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The baseball legend of Smokey Zerla’s throw

May 20, 2009
Times Leader
(EDITOR’S NOTE: The picture of Wheeling and Lake Erie Railroad Depot in last month’s issue of Prime Times reminded Lyle Zerla of Dillonvale how his cousin, Jim, threw a baseball over several buildings in that village. This probably was written in the late 1930s and appeared in The Times Leader during a time when its telephone number in Martins Ferry was 78. The writer was W.H. McWilliams, who also wrote a column as Hi Waters. Jim Zerla, known for his prowess as a baseball player, is deceased, and his widow, Emma, still lives in Dillonvale.)

SMOKEY ZERLA of Dillonvale stood on the mound of as hot a ball game as ever came down the road. It was July 4, 1910 and William Howard Taft over in the White House sweltered too, as the burning July sun curled the leaves on the cherry trees along the Potomac.
William Howard Taft has been gone these long years and other presidents have taken his place and some of them also have gone forever. But Smokey Zerla? Smokey is STILL here and still playing ball.
Well, he might not be PLAYING ball at least in the way he used to buzz ‘em across countless times in the past, but he’s still THROWIN’ ‘­em.
But therein hangs a tale!
In all his long and colorful career, Smokey Zerla was never bested when it came to throwing a baseball. Many a big league batter found THAT out in the past. Smokey Zerla’s name will long stay in the Eastern Ohio baseball Hall of Fame.
That is, he was not bested until this week! He found a guy who could throw a ball harder, farther and more accurate than he could!
                                 * *  * *
THE STORY is that over in Dillonvale was the First National Bank, and behind that another building, and then a freight shed. Smokey, years and years ago, once hurled a baseball over the whole shootin’ match. It was a heave that no other ball player ever equalled. Although many of them tried, Smokey hung on to his laurels come Democrats or Republicans, New Dealers or Stand Patters.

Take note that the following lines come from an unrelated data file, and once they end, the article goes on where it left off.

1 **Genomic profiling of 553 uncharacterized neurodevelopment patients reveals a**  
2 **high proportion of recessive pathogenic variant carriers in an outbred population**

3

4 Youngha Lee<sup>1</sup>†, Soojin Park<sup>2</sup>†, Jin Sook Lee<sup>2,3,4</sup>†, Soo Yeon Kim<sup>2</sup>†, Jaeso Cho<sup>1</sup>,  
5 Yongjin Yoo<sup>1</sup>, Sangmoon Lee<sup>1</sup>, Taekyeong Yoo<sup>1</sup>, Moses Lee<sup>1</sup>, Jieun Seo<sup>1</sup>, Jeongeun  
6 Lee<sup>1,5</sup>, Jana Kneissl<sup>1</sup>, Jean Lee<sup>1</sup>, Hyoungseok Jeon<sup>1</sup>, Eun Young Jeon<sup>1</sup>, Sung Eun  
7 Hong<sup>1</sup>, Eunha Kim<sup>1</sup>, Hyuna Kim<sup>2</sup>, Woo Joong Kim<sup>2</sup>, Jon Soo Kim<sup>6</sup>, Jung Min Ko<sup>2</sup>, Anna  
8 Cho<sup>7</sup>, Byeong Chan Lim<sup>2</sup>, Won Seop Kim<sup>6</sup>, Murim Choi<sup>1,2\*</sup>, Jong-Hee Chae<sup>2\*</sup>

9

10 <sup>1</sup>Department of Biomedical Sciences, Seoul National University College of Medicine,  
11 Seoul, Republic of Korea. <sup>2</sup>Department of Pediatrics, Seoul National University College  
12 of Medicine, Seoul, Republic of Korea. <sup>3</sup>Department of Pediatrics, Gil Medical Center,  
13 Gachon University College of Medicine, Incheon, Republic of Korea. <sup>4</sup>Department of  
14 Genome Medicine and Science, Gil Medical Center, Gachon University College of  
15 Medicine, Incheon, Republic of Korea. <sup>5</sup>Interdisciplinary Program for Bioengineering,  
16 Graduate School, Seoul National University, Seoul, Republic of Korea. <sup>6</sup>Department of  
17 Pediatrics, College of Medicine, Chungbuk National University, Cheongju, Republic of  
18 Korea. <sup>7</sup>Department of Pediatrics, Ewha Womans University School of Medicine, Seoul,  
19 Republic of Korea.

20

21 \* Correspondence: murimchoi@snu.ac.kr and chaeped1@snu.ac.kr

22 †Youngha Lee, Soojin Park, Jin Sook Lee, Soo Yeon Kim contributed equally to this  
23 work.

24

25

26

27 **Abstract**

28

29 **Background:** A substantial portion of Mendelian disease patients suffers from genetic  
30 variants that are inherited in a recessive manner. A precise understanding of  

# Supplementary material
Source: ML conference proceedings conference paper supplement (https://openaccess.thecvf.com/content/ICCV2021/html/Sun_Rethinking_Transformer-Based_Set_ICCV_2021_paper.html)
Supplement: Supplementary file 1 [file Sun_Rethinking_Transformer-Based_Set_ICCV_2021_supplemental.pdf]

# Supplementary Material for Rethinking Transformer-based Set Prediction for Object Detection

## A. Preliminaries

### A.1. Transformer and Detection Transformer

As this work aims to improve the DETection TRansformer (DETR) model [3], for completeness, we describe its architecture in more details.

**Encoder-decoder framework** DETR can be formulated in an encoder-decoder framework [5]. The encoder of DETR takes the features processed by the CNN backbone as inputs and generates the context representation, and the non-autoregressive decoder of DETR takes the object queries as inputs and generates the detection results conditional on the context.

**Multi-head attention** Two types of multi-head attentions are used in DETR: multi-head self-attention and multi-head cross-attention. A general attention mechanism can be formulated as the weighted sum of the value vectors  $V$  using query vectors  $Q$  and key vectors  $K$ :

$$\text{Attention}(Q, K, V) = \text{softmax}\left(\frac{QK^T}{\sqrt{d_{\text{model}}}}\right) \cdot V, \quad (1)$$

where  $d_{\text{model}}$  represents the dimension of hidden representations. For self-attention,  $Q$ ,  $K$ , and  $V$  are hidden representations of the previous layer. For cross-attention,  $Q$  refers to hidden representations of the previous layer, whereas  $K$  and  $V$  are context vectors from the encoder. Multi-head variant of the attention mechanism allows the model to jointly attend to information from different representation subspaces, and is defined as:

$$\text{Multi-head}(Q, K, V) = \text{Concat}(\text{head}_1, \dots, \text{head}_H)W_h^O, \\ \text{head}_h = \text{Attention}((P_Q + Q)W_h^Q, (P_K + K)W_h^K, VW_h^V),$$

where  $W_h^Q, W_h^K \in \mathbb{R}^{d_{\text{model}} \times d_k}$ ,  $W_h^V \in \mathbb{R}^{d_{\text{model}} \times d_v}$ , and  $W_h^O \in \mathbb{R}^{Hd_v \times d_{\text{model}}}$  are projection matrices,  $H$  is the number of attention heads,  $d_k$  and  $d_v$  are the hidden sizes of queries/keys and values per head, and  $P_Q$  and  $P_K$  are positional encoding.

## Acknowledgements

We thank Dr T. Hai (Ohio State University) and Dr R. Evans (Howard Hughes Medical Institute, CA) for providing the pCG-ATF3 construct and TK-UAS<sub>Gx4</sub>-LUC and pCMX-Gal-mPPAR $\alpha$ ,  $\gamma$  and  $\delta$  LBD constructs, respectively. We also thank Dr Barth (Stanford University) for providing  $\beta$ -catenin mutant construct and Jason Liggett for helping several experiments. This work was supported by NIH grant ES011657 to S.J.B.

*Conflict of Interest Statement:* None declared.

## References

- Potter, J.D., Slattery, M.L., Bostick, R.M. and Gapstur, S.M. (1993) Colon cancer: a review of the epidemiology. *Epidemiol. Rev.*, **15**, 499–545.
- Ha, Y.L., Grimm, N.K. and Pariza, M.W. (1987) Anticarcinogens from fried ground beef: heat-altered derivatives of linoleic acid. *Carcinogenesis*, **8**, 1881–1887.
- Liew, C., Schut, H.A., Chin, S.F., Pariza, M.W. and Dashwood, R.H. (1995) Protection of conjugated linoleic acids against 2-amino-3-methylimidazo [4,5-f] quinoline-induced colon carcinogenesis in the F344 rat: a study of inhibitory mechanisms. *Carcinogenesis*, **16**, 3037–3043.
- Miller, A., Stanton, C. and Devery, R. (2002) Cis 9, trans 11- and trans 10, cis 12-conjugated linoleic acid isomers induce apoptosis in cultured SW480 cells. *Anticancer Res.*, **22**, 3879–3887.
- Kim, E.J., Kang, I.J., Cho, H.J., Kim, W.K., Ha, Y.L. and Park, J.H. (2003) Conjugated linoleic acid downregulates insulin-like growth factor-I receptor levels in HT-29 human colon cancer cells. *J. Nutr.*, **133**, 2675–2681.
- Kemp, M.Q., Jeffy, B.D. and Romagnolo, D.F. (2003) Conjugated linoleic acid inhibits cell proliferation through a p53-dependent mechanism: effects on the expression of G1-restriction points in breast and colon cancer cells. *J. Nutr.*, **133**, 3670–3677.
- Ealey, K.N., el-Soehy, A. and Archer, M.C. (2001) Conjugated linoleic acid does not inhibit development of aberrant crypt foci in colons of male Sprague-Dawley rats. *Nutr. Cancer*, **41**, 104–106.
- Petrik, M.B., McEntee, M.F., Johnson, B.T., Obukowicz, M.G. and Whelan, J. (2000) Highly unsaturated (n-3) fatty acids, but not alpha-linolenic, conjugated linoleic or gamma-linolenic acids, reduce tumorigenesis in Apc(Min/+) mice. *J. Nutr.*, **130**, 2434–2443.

But this week Smokey’s son, Jim Zerla and one of the fastest short stops in the minor league in Eastern Ohio, who plays with the strong Dun Glen nine, casually picked up a baseball and said, “Pap, I’m going’ to crack that record you’ve held so long. ... I’m going to toss this ball clear over the bank, over the freight shed and into the vacant lot beyond!”
“You’ll never do it, son!” Smokey said. “You’re good, but not THAT good!”
Mayor Olszeski had traffic stopped along the streets of the famous old town. Citizens came out and stood around to see the ceremony ... because ceremony it was ... Smokey Zerla’s record was about to be challenged!
 * * * *
JIM ZERLA seized the baseball firmly. He leaned over backwards like an elm that had been blown to windward over the years. A set look spread over his face like an Indian chief dueling with his savage enemy. One foot stuck up in the clear Dillonvale air like a horse week in autumn. His arm suddenly snapped forward like a turtle’s neck after a fly.
The ball sped forward and upward like a pigeon leaving the ark after 60 days inside. It disappeared faster than the family budget under Hoover as the crowd cheered and roared. “Send for a messenger!” yelled the Mayor.
A messenger stepped forward. “Trail that ball,” said the Mayor, wavin’ his arm like Nero fiddlin’ from the portico centuries ago.
The messenger returned. “Smokey has fallen!” he shouted. “The ball is 79 feet further than his record!”
Thus it was that Smokey Zerla’s son, Jim, edged his Pap from the Hall of Fame over at Dillonvale this week ... a record held firmly since the William McKinley administration. Youth -- Marches On!!
And Mayor Olszeski, head bowed a little, motioned to the Chief of Police, “Chief -- have the traffic move on -- Smokey Zerla’s record is no more!”
                                         By W.H. MCWILLIAMS





    



 

 

 

 

 

 

Article Photos

THE?W&L E depot was a proving ground for hurlers in the Dillonvale area. The task of tossing a baseball over the building was often tried but seldom accomplished.

 
 

 

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